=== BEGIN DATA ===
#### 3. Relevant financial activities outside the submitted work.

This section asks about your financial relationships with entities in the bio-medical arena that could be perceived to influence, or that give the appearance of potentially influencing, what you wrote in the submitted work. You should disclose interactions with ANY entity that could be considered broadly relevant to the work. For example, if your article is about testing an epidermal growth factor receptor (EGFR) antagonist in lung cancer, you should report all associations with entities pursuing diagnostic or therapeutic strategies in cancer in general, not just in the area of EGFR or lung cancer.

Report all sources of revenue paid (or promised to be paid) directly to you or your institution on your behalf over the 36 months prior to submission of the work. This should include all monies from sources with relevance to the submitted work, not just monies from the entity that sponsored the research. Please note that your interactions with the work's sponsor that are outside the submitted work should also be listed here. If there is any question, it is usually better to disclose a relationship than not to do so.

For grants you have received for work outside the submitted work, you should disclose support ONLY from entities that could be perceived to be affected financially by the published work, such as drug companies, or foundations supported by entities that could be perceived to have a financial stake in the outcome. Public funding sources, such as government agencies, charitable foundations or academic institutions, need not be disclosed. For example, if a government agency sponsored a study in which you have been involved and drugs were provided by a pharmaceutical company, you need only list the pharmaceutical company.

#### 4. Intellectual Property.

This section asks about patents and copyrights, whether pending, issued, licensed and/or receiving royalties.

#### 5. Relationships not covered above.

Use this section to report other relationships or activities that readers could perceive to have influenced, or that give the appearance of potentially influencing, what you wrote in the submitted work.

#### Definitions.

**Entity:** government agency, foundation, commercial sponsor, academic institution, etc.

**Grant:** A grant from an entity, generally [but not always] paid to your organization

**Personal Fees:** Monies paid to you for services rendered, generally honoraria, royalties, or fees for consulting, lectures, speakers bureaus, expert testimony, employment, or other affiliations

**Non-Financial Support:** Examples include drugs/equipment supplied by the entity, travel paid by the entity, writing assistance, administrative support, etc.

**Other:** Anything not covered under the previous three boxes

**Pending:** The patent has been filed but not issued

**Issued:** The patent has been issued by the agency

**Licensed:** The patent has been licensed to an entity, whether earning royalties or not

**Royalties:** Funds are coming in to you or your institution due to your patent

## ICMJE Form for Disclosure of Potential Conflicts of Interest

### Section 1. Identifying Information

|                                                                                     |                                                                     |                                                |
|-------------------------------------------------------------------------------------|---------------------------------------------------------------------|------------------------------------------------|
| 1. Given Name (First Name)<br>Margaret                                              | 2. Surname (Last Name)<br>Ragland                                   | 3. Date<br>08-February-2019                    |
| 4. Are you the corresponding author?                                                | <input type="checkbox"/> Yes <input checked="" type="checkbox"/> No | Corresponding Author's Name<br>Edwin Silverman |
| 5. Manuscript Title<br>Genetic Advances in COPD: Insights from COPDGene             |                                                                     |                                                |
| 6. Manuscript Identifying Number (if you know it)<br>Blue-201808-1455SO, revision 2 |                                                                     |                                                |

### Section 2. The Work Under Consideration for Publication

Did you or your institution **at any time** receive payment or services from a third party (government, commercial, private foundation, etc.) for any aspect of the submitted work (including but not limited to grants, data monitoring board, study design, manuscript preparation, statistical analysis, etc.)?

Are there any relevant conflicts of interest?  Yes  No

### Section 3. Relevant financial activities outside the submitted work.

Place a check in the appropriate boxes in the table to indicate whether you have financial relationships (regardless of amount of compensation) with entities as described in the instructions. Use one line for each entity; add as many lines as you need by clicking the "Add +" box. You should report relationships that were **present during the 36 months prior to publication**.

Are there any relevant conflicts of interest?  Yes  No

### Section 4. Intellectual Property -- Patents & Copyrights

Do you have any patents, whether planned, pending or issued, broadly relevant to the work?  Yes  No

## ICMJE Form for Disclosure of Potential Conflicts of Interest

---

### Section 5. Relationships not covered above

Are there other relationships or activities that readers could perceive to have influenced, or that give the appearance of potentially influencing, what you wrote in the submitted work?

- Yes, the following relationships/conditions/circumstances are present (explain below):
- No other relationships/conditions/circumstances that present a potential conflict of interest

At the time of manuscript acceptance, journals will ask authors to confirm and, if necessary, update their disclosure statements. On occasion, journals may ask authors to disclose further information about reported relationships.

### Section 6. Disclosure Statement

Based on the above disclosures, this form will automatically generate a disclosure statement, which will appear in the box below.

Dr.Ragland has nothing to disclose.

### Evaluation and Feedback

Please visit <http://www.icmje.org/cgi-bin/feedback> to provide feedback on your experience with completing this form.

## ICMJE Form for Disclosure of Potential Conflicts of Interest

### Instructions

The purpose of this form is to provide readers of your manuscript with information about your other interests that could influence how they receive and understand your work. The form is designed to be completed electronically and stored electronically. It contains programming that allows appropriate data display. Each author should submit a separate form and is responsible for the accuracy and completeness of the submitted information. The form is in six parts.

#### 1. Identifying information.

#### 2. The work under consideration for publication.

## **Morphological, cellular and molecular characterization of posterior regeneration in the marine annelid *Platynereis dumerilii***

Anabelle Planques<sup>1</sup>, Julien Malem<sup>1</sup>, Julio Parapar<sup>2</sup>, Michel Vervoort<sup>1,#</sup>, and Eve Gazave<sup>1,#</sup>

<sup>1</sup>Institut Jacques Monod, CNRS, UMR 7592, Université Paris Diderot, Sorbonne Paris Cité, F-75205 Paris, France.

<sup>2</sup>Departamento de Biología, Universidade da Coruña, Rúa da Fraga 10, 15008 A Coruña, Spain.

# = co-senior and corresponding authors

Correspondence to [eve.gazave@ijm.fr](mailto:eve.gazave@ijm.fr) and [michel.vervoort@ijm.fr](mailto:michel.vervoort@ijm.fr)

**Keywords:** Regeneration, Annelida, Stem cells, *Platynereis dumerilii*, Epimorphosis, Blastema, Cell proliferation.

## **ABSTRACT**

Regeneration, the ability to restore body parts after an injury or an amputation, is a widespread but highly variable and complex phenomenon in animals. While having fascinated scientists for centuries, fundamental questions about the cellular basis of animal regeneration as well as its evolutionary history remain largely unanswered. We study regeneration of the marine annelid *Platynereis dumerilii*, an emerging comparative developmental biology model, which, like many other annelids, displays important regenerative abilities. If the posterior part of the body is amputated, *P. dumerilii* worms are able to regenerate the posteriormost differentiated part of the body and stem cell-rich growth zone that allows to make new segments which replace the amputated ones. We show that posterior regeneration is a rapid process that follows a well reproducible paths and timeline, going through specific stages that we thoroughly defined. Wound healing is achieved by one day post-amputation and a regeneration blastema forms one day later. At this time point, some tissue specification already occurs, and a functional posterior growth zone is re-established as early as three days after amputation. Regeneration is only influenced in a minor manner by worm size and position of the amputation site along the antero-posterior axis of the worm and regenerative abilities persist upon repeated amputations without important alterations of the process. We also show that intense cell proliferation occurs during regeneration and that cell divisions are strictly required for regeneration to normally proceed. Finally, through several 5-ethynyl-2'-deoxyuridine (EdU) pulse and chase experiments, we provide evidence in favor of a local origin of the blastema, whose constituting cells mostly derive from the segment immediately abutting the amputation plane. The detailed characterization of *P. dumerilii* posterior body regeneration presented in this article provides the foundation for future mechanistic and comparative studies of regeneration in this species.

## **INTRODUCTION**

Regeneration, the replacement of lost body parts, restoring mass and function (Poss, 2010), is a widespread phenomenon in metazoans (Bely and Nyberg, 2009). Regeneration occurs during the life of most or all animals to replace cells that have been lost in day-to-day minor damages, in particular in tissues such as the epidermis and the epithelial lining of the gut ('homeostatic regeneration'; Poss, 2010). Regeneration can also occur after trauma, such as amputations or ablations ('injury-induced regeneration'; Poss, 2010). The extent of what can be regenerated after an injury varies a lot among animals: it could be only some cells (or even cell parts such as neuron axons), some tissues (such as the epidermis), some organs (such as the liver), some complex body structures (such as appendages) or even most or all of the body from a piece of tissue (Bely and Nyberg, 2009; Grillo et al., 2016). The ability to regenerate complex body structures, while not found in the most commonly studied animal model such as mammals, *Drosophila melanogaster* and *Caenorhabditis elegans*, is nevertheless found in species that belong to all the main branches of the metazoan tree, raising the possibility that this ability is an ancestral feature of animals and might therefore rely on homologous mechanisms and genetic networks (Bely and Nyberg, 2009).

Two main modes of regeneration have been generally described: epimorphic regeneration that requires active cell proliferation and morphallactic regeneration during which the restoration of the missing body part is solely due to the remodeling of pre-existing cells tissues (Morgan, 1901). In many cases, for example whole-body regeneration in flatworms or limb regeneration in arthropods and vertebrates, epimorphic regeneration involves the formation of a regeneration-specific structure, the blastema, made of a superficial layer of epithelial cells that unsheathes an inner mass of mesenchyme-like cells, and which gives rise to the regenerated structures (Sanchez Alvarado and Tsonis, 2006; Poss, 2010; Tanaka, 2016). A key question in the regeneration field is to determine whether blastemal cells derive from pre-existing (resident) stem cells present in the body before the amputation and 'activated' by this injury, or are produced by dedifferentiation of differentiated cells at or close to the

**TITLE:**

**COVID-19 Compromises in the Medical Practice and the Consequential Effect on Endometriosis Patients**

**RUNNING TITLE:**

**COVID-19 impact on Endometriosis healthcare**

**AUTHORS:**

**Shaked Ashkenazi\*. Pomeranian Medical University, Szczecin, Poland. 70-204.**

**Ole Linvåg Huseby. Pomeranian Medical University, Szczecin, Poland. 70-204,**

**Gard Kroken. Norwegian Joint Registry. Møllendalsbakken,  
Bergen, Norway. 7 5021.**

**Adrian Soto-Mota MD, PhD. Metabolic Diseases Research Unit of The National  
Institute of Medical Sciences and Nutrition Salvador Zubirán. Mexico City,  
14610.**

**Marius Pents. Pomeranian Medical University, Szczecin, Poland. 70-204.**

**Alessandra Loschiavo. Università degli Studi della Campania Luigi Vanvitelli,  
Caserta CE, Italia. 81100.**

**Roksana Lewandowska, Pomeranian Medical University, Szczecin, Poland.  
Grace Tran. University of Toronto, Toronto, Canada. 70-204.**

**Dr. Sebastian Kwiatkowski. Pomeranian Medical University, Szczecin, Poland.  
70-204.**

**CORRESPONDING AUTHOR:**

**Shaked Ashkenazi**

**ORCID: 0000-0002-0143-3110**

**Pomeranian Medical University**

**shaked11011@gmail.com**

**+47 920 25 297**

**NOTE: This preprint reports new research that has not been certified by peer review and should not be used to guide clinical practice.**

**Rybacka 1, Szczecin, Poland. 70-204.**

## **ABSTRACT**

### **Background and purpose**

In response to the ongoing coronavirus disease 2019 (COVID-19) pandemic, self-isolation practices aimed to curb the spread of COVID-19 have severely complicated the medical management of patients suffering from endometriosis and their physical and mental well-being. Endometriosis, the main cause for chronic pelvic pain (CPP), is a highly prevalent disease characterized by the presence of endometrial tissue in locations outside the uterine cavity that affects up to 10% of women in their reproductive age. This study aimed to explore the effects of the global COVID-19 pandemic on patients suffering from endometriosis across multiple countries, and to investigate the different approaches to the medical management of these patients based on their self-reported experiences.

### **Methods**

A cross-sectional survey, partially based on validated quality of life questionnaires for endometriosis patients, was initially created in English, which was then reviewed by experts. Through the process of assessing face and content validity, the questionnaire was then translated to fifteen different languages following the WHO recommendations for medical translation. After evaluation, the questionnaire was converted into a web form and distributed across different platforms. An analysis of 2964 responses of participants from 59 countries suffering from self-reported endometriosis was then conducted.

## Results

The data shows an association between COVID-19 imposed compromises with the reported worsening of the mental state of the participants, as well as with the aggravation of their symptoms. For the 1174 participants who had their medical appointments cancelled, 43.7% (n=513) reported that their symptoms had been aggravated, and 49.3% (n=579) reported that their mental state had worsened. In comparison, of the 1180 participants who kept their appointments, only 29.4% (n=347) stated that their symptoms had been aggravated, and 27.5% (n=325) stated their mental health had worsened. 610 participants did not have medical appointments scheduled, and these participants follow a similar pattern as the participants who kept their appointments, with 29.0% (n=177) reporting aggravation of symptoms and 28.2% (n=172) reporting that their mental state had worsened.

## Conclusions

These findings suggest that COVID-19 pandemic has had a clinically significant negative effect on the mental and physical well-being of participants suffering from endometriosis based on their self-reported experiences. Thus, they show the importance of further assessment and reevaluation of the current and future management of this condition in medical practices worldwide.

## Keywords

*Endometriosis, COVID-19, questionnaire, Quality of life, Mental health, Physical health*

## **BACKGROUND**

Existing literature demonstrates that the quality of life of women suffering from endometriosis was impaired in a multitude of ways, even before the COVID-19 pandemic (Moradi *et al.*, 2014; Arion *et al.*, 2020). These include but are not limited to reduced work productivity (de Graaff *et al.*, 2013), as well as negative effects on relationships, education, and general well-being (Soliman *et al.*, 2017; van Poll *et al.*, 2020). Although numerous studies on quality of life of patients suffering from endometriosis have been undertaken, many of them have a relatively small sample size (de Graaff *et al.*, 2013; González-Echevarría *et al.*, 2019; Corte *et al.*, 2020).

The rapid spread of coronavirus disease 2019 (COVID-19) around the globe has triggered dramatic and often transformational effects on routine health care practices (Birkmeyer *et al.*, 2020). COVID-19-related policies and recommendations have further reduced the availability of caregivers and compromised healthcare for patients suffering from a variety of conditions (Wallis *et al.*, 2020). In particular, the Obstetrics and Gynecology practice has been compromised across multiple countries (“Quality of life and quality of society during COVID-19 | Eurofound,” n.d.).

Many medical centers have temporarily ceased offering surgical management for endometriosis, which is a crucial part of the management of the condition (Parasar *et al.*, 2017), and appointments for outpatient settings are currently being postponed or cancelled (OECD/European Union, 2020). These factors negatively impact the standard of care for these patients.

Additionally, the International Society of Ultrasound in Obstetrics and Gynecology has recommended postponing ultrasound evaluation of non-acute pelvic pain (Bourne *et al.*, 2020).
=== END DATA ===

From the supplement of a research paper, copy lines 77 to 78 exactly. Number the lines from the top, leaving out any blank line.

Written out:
**Alessandra Loschiavo. Università degli Studi della Campania Luigi Vanvitelli,  
Caserta CE, Italia. 81100.**